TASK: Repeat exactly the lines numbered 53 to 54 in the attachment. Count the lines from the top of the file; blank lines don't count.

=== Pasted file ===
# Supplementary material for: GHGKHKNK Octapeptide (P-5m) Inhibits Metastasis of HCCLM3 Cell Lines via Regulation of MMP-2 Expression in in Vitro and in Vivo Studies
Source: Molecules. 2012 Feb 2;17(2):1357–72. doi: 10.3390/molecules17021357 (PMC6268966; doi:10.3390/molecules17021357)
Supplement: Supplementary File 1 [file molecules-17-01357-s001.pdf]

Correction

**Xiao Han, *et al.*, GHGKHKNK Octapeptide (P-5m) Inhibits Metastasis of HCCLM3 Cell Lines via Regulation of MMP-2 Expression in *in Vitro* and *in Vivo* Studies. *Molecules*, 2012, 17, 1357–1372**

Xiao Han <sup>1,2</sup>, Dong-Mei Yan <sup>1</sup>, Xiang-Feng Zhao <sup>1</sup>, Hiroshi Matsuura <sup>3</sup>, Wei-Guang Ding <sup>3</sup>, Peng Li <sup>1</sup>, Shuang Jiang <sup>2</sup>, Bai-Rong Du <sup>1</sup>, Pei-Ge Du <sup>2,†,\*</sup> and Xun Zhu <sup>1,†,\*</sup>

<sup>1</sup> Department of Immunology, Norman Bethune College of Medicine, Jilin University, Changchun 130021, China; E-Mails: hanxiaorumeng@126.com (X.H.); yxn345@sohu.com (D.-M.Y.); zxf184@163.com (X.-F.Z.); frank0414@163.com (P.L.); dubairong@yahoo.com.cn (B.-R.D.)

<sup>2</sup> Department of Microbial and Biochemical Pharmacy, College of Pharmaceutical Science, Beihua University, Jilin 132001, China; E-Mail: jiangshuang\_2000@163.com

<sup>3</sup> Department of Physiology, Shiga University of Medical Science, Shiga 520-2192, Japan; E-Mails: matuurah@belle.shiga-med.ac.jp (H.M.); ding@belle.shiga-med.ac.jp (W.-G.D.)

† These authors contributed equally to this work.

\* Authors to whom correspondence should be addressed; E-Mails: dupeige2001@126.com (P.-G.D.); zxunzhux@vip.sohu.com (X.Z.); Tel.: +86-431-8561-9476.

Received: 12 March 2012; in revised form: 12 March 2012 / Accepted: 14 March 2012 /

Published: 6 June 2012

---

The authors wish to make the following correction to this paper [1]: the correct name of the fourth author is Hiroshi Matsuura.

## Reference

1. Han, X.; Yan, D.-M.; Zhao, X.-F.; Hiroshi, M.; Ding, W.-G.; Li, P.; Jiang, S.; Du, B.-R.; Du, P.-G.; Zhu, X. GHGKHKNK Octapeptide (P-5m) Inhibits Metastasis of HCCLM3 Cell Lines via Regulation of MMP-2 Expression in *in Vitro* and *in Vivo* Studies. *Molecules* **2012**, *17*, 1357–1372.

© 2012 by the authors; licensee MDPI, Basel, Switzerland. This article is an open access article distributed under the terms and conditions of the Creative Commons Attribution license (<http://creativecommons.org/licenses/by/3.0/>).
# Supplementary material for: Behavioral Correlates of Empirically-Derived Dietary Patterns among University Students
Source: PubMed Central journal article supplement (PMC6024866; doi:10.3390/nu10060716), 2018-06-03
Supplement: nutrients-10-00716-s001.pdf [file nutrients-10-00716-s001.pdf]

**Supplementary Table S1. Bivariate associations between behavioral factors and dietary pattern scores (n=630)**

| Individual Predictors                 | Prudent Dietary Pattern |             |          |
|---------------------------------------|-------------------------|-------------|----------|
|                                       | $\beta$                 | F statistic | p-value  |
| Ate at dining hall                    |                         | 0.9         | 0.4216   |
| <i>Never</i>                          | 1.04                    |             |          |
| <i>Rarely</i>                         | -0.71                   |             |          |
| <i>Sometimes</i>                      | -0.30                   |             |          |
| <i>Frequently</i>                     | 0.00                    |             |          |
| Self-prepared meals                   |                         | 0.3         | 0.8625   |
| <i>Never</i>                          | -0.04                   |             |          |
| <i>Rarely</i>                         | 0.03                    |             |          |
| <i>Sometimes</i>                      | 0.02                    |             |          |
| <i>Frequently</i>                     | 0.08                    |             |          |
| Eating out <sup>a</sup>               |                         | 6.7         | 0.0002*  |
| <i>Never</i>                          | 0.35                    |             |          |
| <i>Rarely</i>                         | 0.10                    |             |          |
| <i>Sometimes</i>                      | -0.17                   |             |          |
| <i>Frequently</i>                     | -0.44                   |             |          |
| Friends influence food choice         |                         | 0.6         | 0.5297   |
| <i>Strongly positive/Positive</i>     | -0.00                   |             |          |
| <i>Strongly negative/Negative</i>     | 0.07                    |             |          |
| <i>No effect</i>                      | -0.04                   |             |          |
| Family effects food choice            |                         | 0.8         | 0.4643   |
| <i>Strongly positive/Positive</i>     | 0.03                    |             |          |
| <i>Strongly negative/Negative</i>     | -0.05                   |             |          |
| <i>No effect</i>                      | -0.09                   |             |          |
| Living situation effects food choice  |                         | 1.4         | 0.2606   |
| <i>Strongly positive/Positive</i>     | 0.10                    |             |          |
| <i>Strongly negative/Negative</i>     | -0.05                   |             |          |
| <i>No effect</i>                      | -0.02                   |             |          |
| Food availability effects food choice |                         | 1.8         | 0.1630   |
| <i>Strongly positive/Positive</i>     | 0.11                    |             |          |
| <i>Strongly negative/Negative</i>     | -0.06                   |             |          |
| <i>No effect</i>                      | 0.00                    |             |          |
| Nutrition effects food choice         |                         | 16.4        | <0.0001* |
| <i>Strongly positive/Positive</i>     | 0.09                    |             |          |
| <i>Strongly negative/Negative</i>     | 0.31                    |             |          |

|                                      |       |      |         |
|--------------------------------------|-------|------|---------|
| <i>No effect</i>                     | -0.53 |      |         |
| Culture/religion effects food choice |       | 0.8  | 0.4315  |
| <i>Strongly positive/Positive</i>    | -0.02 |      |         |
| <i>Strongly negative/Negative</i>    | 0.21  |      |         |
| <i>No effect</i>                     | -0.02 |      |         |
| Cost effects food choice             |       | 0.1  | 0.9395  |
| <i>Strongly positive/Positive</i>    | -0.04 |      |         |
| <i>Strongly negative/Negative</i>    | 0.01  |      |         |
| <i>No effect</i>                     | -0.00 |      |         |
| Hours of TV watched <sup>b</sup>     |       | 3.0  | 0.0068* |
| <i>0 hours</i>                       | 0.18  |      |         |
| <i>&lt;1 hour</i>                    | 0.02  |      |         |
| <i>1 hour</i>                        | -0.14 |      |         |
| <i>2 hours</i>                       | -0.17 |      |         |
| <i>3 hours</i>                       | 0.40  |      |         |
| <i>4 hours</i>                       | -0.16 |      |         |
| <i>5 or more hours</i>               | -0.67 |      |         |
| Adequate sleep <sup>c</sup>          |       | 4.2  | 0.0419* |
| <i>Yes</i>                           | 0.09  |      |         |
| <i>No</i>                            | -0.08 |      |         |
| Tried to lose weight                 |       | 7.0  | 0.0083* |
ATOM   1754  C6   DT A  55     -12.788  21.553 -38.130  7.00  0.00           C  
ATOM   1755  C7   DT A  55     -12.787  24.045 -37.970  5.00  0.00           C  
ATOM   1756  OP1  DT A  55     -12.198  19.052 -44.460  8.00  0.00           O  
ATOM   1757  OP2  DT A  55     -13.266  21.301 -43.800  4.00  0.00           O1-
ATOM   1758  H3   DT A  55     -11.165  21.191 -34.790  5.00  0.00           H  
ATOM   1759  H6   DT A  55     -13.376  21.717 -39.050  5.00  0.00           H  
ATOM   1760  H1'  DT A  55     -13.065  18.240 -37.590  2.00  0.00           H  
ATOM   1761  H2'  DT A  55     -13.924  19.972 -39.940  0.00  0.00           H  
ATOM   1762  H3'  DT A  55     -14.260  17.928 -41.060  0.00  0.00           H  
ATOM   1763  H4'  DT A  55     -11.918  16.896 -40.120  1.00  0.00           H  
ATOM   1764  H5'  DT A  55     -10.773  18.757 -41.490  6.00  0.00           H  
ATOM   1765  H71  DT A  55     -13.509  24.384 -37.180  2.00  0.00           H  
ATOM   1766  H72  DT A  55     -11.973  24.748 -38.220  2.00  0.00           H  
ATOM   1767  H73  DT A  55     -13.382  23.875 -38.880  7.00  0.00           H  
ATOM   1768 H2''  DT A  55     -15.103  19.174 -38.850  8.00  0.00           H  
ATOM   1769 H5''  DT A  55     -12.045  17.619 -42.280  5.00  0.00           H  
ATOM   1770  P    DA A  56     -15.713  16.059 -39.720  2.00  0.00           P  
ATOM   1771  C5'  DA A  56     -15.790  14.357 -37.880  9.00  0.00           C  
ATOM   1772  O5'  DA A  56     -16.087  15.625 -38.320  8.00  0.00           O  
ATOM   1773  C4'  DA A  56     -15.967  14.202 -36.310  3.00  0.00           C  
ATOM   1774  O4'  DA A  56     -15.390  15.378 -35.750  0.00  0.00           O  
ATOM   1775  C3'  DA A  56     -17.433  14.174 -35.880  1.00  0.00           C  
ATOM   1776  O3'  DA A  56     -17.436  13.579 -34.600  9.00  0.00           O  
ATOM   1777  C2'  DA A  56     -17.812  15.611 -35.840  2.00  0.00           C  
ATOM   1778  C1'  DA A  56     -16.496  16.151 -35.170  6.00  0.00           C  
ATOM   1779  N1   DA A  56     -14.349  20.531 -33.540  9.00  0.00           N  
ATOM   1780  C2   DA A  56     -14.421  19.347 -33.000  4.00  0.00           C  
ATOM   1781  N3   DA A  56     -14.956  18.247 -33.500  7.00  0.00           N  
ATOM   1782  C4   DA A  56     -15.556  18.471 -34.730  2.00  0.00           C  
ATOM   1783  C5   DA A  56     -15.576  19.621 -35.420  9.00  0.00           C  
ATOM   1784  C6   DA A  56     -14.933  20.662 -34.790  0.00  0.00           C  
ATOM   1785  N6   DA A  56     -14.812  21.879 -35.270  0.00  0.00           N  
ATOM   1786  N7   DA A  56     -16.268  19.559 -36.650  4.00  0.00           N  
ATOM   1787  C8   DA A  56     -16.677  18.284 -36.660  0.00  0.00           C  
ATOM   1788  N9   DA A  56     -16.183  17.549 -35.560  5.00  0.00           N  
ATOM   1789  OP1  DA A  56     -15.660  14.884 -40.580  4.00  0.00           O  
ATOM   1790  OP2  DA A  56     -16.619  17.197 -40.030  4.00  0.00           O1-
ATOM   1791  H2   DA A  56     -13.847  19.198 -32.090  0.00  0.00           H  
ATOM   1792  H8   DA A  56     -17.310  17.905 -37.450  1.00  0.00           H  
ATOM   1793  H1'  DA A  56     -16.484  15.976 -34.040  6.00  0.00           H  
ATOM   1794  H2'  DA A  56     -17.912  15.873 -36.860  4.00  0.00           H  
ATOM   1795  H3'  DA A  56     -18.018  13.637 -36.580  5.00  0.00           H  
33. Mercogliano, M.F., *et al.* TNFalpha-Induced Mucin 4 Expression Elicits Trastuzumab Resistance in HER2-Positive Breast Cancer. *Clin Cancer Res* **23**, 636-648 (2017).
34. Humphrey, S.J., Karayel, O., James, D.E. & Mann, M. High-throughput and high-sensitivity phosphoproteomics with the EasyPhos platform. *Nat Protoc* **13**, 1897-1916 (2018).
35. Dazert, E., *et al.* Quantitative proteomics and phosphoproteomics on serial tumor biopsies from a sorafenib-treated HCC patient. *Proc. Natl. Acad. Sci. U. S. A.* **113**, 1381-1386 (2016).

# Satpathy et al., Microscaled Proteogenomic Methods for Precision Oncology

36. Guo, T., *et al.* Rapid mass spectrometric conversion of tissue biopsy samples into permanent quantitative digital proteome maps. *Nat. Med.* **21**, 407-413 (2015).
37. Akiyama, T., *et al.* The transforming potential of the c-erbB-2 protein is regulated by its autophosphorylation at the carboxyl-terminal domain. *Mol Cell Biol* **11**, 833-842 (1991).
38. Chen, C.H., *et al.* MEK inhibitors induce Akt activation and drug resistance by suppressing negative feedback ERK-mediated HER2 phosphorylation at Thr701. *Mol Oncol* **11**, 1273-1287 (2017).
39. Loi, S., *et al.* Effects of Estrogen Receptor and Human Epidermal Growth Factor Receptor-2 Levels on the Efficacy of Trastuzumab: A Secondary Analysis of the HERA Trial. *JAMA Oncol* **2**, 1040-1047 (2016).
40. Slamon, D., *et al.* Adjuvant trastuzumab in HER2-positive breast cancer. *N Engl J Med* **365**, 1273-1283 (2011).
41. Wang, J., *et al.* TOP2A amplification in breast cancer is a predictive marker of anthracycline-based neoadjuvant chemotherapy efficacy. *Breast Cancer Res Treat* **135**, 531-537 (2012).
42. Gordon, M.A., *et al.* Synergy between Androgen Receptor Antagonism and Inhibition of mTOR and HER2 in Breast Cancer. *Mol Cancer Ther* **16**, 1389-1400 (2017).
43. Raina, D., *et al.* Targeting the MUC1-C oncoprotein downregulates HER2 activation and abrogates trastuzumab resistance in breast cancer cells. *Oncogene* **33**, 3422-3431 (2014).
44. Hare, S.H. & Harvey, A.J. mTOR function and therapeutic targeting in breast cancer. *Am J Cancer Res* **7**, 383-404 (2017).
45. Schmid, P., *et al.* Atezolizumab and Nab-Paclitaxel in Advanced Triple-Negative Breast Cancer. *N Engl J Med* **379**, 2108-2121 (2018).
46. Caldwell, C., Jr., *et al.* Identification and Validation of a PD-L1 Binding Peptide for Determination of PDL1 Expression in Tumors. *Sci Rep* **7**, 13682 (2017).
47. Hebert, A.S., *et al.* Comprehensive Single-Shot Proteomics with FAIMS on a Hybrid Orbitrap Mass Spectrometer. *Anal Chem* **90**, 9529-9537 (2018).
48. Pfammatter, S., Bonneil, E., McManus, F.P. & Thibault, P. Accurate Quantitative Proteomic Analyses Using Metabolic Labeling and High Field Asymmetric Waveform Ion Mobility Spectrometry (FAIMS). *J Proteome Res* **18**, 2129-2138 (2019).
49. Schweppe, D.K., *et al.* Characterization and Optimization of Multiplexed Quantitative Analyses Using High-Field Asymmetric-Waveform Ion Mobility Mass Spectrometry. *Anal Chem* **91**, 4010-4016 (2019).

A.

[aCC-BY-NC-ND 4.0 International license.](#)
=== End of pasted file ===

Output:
| Food availability effects food choice |                         | 1.8         | 0.1630   |
| <i>Strongly positive/Positive</i>     | 0.11                    |             |          |